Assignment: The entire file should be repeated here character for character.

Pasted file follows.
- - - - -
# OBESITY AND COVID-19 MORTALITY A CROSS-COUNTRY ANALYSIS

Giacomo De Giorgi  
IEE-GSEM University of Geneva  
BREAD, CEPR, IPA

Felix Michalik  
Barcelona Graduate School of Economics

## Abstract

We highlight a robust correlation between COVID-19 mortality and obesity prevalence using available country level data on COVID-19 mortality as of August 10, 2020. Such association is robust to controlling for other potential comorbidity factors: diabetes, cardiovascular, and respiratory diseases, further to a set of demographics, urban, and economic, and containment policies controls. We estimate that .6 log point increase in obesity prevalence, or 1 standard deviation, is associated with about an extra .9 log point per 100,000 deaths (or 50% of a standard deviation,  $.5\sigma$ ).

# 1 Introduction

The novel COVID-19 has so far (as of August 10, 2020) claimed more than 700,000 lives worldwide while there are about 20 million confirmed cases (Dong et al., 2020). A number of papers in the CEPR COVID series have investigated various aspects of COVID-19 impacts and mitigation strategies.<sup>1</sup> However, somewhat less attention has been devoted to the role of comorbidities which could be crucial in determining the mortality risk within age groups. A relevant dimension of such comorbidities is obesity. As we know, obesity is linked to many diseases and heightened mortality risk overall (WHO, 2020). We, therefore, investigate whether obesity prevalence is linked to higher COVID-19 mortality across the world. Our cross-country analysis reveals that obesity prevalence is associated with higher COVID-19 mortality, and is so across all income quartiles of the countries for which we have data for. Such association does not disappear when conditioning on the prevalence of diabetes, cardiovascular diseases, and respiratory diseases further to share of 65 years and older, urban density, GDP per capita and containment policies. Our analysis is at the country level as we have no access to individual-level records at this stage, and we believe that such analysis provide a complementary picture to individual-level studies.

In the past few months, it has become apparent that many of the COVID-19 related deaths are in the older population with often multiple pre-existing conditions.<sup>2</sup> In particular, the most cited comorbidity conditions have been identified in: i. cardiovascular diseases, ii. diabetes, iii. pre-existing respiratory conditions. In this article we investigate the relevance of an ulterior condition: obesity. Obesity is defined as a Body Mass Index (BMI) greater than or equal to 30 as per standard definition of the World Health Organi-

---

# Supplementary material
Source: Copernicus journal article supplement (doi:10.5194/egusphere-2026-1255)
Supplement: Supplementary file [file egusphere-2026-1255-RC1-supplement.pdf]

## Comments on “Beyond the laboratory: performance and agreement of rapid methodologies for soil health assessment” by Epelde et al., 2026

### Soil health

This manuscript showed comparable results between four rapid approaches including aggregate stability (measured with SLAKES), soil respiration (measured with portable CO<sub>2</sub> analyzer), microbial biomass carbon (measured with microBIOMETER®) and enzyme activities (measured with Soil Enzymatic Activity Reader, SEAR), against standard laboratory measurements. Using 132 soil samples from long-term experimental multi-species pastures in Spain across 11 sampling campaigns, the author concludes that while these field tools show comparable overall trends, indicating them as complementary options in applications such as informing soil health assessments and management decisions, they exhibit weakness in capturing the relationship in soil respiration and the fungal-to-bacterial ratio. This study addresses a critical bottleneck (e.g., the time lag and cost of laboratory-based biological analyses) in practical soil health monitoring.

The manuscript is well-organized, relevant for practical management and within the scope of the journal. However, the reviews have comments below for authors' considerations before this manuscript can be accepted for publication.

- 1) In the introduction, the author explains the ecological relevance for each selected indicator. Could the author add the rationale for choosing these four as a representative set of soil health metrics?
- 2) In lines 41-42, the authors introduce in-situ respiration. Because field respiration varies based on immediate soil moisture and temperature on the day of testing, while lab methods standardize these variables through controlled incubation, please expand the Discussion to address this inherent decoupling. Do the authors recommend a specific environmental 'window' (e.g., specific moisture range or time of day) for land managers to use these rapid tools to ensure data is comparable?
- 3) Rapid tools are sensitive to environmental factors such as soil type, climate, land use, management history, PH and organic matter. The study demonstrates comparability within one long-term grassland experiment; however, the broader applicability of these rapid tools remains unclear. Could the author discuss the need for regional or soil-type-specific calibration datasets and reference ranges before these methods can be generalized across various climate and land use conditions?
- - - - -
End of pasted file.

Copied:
# OBESITY AND COVID-19 MORTALITY A CROSS-COUNTRY ANALYSIS

Giacomo De Giorgi  
IEE-GSEM University of Geneva  
BREAD, CEPR, IPA

Felix Michalik  
Barcelona Graduate School of Economics

## Abstract

We highlight a robust correlation between COVID-19 mortality and obesity prevalence using available country level data on COVID-19 mortality as of August 10, 2020. Such association is robust to controlling for other potential comorbidity factors: diabetes, cardiovascular, and respiratory diseases, further to a set of demographics, urban, and economic, and containment policies controls. We estimate that .6 log point increase in obesity prevalence, or 1 standard deviation, is associated with about an extra .9 log point per 100,000 deaths (or 50% of a standard deviation,  $.5\sigma$ ).

# 1 Introduction

The novel COVID-19 has so far (as of August 10, 2020) claimed more than 700,000 lives worldwide while there are about 20 million confirmed cases (Dong et al., 2020). A number of papers in the CEPR COVID series have investigated various aspects of COVID-19 impacts and mitigation strategies.<sup>1</sup> However, somewhat less attention has been devoted to the role of comorbidities which could be crucial in determining the mortality risk within age groups. A relevant dimension of such comorbidities is obesity. As we know, obesity is linked to many diseases and heightened mortality risk overall (WHO, 2020). We, therefore, investigate whether obesity prevalence is linked to higher COVID-19 mortality across the world. Our cross-country analysis reveals that obesity prevalence is associated with higher COVID-19 mortality, and is so across all income quartiles of the countries for which we have data for. Such association does not disappear when conditioning on the prevalence of diabetes, cardiovascular diseases, and respiratory diseases further to share of 65 years and older, urban density, GDP per capita and containment policies. Our analysis is at the country level as we have no access to individual-level records at this stage, and we believe that such analysis provide a complementary picture to individual-level studies.

In the past few months, it has become apparent that many of the COVID-19 related deaths are in the older population with often multiple pre-existing conditions.<sup>2</sup> In particular, the most cited comorbidity conditions have been identified in: i. cardiovascular diseases, ii. diabetes, iii. pre-existing respiratory conditions. In this article we investigate the relevance of an ulterior condition: obesity. Obesity is defined as a Body Mass Index (BMI) greater than or equal to 30 as per standard definition of the World Health Organi-

---

# Supplementary material
Source: Copernicus journal article supplement (doi:10.5194/egusphere-2026-1255)
Supplement: Supplementary file [file egusphere-2026-1255-RC1-supplement.pdf]

## Comments on “Beyond the laboratory: performance and agreement of rapid methodologies for soil health assessment” by Epelde et al., 2026

### Soil health

This manuscript showed comparable results between four rapid approaches including aggregate stability (measured with SLAKES), soil respiration (measured with portable CO<sub>2</sub> analyzer), microbial biomass carbon (measured with microBIOMETER®) and enzyme activities (measured with Soil Enzymatic Activity Reader, SEAR), against standard laboratory measurements. Using 132 soil samples from long-term experimental multi-species pastures in Spain across 11 sampling campaigns, the author concludes that while these field tools show comparable overall trends, indicating them as complementary options in applications such as informing soil health assessments and management decisions, they exhibit weakness in capturing the relationship in soil respiration and the fungal-to-bacterial ratio. This study addresses a critical bottleneck (e.g., the time lag and cost of laboratory-based biological analyses) in practical soil health monitoring.

The manuscript is well-organized, relevant for practical management and within the scope of the journal. However, the reviews have comments below for authors' considerations before this manuscript can be accepted for publication.

- 1) In the introduction, the author explains the ecological relevance for each selected indicator. Could the author add the rationale for choosing these four as a representative set of soil health metrics?
- 2) In lines 41-42, the authors introduce in-situ respiration. Because field respiration varies based on immediate soil moisture and temperature on the day of testing, while lab methods standardize these variables through controlled incubation, please expand the Discussion to address this inherent decoupling. Do the authors recommend a specific environmental 'window' (e.g., specific moisture range or time of day) for land managers to use these rapid tools to ensure data is comparable?
- 3) Rapid tools are sensitive to environmental factors such as soil type, climate, land use, management history, PH and organic matter. The study demonstrates comparability within one long-term grassland experiment; however, the broader applicability of these rapid tools remains unclear. Could the author discuss the need for regional or soil-type-specific calibration datasets and reference ranges before these methods can be generalized across various climate and land use conditions?